Bill Long 11/14/10
A Conversation with Joe
The last few years have seen a spirited debate on immigration policy in the US. Issues galore have arisen: various kinds of amnesties for "illegals" already in the country; quota revisions; border fences; enforcement actions at workplaces; schooling and other benefits for children of "illegals," sending all the "illegals" back, etc. It really is a rather bewildering list of issues and problems. I had my own "immigration" discussion at church today with Joe, before the adult forum began, but it wasn't the typical kind--the kind that arouses all kinds of emotions in 2010 America. We talked about his immigrant family. As the conversation developed, some gaps in his family's "story" emerged, gaps that were pretty arresting to me and to him. Below is my memory of the conversation...
A Conversation between Joe and Bill
BILL: "Hi, I haven't met you yet, I don't believe. I am Bill Long.
JOE: "Hi, I am Joe......"
BILL: "Joe, I don't believe I have heard that last name before. Is it spelled........ [It was an Italian name beginning with "O"]?
JOE: "Pretty close. Actually, there is an "sc" after the "O." Originally the "sc" was an "x," but they changed it at Ellis Island, to make it easier, I suppose."
BILL: "OK, I see. That is interesting, Joe. So, who was it in your family that came through Ellis Island?"
JOE: "It was my dad, and he was 13 years old."
BILL: "Really. Now, when would that have been, Joe?"
JOE: "Hm. Not really sure, but let me think, I believe my dad was born in 1909."
BILL: "That would mean, Joe, that he would have entered the country in 1922 or around then. But, let me ask you a question. If he was born in 1909, and you were born in the early 1950s (he looked about my age), that would have made him about 42 or 44 when you were born."
JOE: "I was born in 1952 (as was I). I don't think he was that old when I was born."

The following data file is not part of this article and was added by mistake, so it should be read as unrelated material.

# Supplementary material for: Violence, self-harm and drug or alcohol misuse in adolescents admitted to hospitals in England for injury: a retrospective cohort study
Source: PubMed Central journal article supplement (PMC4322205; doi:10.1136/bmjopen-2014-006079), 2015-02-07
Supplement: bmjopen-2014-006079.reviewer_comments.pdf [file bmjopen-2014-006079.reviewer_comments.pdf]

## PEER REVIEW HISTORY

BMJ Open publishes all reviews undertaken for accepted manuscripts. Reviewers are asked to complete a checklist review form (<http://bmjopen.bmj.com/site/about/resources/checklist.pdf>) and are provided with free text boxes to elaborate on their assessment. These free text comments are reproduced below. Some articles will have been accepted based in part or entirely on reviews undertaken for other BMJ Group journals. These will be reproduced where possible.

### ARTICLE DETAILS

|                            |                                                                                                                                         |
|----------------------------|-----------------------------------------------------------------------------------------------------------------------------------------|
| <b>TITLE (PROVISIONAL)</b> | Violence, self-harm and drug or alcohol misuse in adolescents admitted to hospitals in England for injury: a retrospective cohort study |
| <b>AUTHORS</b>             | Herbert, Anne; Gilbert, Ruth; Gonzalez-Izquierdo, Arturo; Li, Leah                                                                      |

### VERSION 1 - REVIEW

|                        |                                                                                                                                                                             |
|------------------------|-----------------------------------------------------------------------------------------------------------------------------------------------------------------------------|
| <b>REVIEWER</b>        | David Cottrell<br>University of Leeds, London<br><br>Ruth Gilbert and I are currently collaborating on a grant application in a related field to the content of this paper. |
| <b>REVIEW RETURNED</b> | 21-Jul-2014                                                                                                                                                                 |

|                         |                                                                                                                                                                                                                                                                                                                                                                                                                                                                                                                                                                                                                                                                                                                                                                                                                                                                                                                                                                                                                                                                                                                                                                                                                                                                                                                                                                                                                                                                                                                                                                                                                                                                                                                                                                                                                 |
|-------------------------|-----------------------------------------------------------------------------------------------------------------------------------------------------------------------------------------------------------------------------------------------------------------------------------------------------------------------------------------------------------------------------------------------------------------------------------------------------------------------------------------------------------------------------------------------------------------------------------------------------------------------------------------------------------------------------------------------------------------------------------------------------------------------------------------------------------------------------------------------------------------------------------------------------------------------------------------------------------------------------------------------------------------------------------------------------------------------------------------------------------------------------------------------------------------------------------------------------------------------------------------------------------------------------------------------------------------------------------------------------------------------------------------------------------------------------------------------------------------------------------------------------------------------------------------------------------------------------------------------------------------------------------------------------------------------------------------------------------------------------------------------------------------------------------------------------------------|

BILL: "Well, is your dad still alive?"
JOE: "No, he died at age 84."
BILL: "So, did he die about 7 or so years ago?"
JOE: "Yes, that's it. How do you know?"
BILL: "That would mean, Joe, that your dad was born probably in 1919 rather than 1909. Was he in his early 30s, you think, when you were born?"
JOE: "Yes, that has to be it."
BILL: "Then, that would mean, Joe, that your dad would have entered the country about 1932, rather than 1922."
JOE: "I guess so..."
BILL: "I don't know all the details of the history well, Joe, but I believe that by the 1930s, Ellis Island wasn't really used much for new immigrants. As I recall, the US Congress passed some pretty strict immigration laws in the 1920s, because we had been "overrun" by immigrants from about 1880-1920, and Congress wanted to limit significantly the number of people who came in.
JOE: "Hm. What you say is interesting to me because I visited Ellis Island a few years ago, went into the big room with all the pillars, looked up on the computer for my dad's name, but I couldn't find it. They had no record of him being an immigrant who came through Ellis Island."
BILL: "Really. Now that is interesting."
JOE: "Come to think of it, dad was kind of known for telling tall tales in life."
Further Research on the Conversation
Well, I had to go home to see if my suspicions were correct about US immigration policy. I learned a lot, including the fact that in one decade, 1900-1910, the number of legal immigrants to the US was about 7% of the entire population. That far exceeds the numbers from our own day.
But I discovered other things that confirmed the "suspicions" I shared with Joe. First, the US Congress passed two restrictive immigration measures, in 1921 and 1924. It would reduce the number of legal immigrants in the 1920s to less than 1/2 of that number from 1900-1910. Even more significant was the fact that during the 1930s, when Joe's father came into the country, the immigration numbers were only 1/8 of that of the decade of the 1920s. In other words, immigration almost completely dried up in the 1930s.
Then, I looked at the history of immigration through Ellis Island. Sure enough, Ellis Island's status as an immigration center changed significantly in the 1920s. As this website shows, the Immigration Act of 1924 was the law that changed it.
"The main function of Ellis Island changed from that of an immigrant processing station, to a center of the assembly, detention, and deportation of aliens who had entered the US illegally or had violated the terms of admittance. The buildings at Ellis Island began to fall into disuse and disrepair."
I am going to have to tell Joe the bad news. In fact, it is highly unlikely that his dad ever set foot on Ellis Island. It is very strange that his dad would even have immigrated here legally in the 1930s, since so few immigrants were admitted in that decade. Most of those who were admitted, in fact, were Jews fleeing Nazi oppression rather than Italians from Naples and its environs.
It leads to only one conclusion: unless my new friend Joe can conclusively document that his dad legally entered the country, I am afraid we are going to have to send Joe back, with his wife and grown children, to the boot of Italy. It is only fair, don't you think?